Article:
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A CurtainUp Review
By Brad Bradley
But in today's environment of incredible film action heroes, the current musical adaptation by the Irish Repertory Theatre seems utterly apt. Additionally, Charlotte Moore's sparkling and lucid production would be a wonderful teaching tool, were it available to those high school seniors who reliably groan as they begin their year-long wade through the motherland's millennium and a half of literary treasures.
One must imagine that much of the Irish Rep's devoted and substantially subscription audience brings some favorable memories of the material to their theater seats, for total unfamiliarity would produce considerable disorientation. There is no narrator per se here, although much of the mostly-sung production is nevertheless expressed in the past tense, as if narration and the action itself were running simultaneously. The approach is generally effective, and the simple pageantry of the production along with imaginative use of masks and puppetry appropriately give this Beowulf a storybook environment, although never in the cloying tones often heard in children's theater.
Both the masks and puppetry no doubt were at least indirectly influenced by Julie Taymor, the creator-in-chief of The Lion King. Puppets here range from the large (fish and dragon) to the small (sailors, lizards, and flying insects) and greatly enhance an otherwise minimalist production, remarkably arresting and even haunting in its fluid grace and dazzling incorporation of lighting and sound.
The distinctive instrumental music, largely performed by two very effective onstage musicians on harmonium and harp, sometimes is enhanced by recorded supplements and a tambourine, and the singing, often in choral harmonies, effectively conveys the essential tribal rituals and metric rhythms of the source material. The practical but generally not dangerous wooden swords also effectively double as percussion instruments.
The vocalists all are strong, and the occasional solos, while not easily identified as individual songs, are delivered with considerable purity, conviction, and crystal-clear diction. In an unexpected casting move, the title character is portrayed by the smallest of the actors (Richard Barth), and his diminutive appearance is accented by a delicate tenor voice. While these features may be ironic for a legendary hero, they ultimately work. His tune "My Song Will Live Forever," with its oft-repeated central lyric, registers as an assertive yet still humble self-proclamation. However, near the end of the show, a shift by the character to a falsetto voice, apparently to acknowledge his attainment of elderly status, is somewhat jarring and may confuse some in the audience.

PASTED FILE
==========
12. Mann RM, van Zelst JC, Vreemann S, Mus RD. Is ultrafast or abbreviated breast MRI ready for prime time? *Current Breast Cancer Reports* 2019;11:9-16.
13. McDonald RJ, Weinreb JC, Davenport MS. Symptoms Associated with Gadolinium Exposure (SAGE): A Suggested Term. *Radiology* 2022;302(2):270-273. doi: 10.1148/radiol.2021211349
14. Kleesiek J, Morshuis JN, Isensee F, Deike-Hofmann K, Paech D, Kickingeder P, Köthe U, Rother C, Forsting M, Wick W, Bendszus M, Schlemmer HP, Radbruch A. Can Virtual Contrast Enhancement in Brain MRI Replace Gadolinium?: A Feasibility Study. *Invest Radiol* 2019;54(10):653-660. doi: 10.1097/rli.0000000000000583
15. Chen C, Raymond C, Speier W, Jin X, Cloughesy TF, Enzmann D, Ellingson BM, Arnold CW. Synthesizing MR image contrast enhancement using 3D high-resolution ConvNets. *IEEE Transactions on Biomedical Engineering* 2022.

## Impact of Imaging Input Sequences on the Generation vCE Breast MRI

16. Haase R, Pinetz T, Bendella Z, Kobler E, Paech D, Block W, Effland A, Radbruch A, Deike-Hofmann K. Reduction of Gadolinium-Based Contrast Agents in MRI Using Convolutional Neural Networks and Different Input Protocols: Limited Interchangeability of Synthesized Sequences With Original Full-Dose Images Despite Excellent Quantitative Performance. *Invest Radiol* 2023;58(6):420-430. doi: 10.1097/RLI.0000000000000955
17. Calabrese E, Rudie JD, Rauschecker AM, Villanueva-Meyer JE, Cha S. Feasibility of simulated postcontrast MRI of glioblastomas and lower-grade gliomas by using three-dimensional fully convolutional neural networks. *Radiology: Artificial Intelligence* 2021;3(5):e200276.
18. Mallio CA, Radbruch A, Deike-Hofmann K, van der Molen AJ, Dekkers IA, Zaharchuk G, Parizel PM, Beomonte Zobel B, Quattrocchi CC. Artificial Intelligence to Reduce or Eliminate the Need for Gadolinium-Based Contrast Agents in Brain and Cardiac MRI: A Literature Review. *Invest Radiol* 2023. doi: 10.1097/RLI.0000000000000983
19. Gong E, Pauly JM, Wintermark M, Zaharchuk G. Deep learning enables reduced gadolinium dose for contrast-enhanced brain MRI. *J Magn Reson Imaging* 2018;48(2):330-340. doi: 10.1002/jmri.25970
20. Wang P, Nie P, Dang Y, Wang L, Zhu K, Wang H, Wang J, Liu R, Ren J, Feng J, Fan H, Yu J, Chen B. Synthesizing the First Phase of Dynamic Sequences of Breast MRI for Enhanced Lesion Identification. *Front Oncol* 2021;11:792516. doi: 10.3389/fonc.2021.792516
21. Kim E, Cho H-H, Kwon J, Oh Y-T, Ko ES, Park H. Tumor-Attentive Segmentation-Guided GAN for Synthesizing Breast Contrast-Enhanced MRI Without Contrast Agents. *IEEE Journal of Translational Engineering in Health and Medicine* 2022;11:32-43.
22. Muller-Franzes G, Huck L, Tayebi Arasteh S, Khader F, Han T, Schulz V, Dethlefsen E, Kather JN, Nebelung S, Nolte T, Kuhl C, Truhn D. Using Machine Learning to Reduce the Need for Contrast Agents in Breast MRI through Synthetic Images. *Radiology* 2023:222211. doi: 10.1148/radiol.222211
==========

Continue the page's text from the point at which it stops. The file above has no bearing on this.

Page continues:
The production almost universally succeeds in creating sufficient suspension of disbelief in the audience, yet two exceptions come to mind: Why is the monster Grendel's severed arm left suspended from the ceiling for the duration of the play, and couldn't sound of the beast be remixed? Currently this comes across rather feebly, instead suggesting a combination of the early King Kong and a lost cow.
For this work to be announced as a "rock opera" may be the result of marketing advice, but this production should in no way be lumped in with the likes of Tommy or Jesus Christ, Superstar, early models in the sub-genre. In stark contrast, Beowulf is a considerably understated (especially in its welcome natural sound design) and gentle work, even while being faithful to the tale of grandiose battles with monsters and depiction of oversized bravado and revelry. Its elegant choral final segment concludes with a brief but lovely vocal coda sung beautifully by Ms. Hill, the harpist.
Easy-on-the budget super gift for yourself and your musical loving friends. Tons of gorgeous pictures.
Retold by Tina Packer of Shakespeare & Co.
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>6, 500 Comparative Phrases including 800 Shakespearean Metaphors by our editor.
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